|Serum Iron (SI) mcg/dl||38.97±32.92||52.39±30.40||0.001|
|Total Iron Binding Capacity (TIBC) mcg/dl||4.17±8.66||3.69±9.00||0.001|
Underlying illnesses among cases and controls are detailed in table 3. Consanguinity was found in 44.2% of control group compared to 55.5% of the cases, Table 4.
|Disease||Gastroenteritis||Lower respiratory tract infections||Lymphadenitis||Measles||Otitis media||Tonsillitis||Upper respiratory tract infections||Urinary Tract infection||Nonspecific underlying illness|
|Family history of febrile seizure %||48||52|
The mean peak temperature is significantly high among cases. This can be explained by Eun, et al , prolonged febrile seizures (FS) have both acute and long-lasting because they are often associated with peripheral infection. Peripheral inflammation appears to work synergistically with hyperthermia to potentiate seizures and to exacerbate seizure-induced immune responses. This study showed low levels of all hematological parameters in febrile seizure patients with exception of red distribution width (RDW), platelet and total iron binding capacity (TIBC) compared to their reference copartners and this might be a risk factor for development seizures in children. Our study revealed that although anemia was not common among febrile seizures patients, iron deficiency was more frequent in these patients.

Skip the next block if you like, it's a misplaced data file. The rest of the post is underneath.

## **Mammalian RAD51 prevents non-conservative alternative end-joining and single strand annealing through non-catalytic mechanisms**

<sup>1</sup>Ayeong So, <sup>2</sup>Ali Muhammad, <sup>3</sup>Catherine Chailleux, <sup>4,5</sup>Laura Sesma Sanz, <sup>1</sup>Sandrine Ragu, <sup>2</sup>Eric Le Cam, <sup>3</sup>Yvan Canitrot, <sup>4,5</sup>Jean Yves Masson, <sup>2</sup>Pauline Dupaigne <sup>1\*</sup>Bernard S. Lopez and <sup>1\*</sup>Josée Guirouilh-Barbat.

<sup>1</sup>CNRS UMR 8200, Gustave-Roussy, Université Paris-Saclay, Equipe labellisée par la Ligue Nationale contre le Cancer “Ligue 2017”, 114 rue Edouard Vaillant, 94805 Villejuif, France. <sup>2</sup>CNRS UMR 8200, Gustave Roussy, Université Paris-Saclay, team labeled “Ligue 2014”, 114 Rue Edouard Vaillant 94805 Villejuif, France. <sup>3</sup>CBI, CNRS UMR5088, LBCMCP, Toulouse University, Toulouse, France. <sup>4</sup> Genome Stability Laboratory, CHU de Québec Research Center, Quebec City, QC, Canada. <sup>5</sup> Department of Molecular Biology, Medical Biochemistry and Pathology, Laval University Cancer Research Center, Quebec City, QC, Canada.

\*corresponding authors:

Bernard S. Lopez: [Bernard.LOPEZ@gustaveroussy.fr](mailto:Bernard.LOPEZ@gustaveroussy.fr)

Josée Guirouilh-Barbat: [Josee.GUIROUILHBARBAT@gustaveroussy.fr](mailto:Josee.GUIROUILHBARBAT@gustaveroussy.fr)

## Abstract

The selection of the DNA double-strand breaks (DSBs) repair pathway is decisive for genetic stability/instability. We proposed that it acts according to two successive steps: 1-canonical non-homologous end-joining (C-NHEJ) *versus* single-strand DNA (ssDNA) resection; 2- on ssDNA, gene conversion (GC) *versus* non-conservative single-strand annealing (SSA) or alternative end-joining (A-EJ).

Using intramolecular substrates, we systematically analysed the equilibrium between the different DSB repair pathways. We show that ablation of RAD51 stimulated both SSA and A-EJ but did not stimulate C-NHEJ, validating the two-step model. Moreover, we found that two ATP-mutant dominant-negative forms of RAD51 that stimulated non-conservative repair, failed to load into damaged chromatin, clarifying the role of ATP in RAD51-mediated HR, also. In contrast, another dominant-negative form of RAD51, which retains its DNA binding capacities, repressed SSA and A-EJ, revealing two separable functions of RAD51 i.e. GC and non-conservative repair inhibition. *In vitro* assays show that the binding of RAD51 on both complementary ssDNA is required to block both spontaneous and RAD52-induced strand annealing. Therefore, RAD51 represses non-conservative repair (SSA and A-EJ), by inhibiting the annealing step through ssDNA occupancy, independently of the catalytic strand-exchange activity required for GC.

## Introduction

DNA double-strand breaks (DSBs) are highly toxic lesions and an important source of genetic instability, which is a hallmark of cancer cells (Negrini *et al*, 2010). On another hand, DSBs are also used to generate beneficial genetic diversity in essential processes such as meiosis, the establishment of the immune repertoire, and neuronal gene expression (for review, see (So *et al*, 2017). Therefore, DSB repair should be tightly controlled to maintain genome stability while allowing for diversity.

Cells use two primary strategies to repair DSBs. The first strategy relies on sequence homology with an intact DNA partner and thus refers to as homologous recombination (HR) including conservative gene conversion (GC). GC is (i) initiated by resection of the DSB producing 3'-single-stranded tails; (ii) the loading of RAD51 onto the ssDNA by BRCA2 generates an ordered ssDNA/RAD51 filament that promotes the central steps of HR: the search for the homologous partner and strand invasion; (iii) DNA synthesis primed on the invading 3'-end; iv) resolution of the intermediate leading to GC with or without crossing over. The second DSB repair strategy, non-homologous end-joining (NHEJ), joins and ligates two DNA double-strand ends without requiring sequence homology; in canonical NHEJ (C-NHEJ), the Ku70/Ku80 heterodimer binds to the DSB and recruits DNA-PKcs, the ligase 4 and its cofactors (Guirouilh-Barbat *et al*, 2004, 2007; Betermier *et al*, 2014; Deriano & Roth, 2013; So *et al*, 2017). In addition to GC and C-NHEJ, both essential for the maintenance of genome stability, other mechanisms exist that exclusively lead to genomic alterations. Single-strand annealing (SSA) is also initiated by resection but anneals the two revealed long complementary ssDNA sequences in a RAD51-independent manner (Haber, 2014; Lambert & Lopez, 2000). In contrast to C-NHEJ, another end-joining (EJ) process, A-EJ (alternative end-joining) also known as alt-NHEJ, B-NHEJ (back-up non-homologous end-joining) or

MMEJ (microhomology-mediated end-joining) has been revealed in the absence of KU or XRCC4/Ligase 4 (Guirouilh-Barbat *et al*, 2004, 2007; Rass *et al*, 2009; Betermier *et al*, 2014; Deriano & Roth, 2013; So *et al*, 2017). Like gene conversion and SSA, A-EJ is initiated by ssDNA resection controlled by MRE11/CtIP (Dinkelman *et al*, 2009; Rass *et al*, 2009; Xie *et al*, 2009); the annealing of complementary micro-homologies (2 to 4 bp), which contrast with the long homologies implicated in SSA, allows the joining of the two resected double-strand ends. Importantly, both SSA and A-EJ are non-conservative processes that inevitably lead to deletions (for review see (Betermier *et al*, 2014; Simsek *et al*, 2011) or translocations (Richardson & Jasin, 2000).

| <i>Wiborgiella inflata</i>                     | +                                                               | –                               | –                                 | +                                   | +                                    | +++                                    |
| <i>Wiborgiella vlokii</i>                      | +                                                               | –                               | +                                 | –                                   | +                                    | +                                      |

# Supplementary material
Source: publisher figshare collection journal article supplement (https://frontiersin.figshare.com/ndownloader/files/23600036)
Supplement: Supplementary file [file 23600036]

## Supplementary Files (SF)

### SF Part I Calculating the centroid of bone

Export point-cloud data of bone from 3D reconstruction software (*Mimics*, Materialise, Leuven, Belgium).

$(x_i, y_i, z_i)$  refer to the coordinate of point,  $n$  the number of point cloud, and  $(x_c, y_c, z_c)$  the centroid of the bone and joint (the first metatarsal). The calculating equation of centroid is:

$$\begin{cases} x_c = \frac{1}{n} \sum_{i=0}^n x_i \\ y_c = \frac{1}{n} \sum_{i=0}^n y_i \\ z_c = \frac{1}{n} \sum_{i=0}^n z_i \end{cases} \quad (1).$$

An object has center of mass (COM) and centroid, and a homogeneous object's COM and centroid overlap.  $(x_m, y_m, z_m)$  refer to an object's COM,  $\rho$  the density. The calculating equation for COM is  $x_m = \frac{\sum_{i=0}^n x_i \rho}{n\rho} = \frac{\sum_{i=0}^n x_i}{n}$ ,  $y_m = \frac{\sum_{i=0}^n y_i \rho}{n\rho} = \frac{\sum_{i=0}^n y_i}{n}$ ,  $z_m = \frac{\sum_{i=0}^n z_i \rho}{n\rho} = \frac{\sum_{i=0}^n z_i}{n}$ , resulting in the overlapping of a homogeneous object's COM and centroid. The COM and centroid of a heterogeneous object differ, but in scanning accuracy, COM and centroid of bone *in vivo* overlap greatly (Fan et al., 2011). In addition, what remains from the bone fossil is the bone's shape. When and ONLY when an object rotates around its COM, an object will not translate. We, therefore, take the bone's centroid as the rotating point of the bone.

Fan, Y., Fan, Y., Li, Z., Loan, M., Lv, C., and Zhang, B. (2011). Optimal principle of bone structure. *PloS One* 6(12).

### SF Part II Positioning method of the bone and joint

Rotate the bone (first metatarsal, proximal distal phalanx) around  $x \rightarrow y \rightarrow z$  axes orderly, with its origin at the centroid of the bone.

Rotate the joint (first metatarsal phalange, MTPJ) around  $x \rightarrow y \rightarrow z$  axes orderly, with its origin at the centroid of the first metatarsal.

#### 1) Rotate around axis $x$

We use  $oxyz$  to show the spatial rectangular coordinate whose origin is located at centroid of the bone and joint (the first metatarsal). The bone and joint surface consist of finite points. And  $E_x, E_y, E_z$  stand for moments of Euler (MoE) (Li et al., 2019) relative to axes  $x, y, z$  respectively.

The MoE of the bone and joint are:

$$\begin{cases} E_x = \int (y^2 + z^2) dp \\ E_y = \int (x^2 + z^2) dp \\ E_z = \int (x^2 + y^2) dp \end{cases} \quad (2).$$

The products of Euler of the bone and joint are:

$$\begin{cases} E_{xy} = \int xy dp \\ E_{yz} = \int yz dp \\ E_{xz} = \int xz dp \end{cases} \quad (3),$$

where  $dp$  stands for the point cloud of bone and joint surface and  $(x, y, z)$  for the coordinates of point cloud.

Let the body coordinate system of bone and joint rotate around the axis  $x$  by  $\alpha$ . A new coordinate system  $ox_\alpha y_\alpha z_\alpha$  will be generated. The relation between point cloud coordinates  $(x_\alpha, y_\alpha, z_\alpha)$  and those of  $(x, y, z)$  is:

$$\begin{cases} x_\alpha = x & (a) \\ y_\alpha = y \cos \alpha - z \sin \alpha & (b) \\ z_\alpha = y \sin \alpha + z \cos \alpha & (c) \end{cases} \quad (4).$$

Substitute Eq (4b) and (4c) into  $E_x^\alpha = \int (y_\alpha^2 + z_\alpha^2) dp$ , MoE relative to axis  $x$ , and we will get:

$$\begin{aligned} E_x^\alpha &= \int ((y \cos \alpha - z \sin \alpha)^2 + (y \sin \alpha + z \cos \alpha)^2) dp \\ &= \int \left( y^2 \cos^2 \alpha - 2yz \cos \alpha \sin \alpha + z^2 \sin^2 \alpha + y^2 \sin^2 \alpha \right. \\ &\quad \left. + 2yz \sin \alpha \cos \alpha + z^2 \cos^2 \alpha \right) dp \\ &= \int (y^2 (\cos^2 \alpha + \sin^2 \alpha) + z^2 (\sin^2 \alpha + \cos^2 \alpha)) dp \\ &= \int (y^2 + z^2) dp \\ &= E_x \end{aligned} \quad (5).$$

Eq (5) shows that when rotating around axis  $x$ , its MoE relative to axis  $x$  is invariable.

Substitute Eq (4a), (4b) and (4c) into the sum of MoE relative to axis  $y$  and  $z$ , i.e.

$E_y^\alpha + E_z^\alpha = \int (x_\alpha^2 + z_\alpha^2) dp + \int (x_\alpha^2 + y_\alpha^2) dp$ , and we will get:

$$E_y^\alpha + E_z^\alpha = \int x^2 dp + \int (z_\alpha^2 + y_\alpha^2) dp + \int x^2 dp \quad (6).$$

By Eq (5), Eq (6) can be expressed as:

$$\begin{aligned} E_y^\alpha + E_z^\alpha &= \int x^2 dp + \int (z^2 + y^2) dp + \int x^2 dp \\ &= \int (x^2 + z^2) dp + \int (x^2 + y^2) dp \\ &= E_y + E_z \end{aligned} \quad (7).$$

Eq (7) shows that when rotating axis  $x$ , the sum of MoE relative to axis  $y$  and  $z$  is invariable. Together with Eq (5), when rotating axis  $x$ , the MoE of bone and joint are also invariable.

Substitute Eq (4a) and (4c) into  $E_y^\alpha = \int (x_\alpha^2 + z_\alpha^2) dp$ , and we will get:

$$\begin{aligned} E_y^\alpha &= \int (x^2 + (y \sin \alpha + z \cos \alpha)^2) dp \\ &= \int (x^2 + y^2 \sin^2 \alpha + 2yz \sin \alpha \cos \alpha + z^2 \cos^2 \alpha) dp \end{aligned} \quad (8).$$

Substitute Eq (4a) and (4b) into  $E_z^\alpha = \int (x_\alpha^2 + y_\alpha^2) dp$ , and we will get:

Upper respiratory tract infections (URTI) found to be the most common illness leading to febrile seizures among study sample children. Patients with febrile seizures were significantly more likely to have URTI than febrile controls that did not have a seizure. This is not unexpected because viral illnesses causing URTI symptoms such as influenza A and human herpes virus 6 are more likely to be associated with febrile seizures.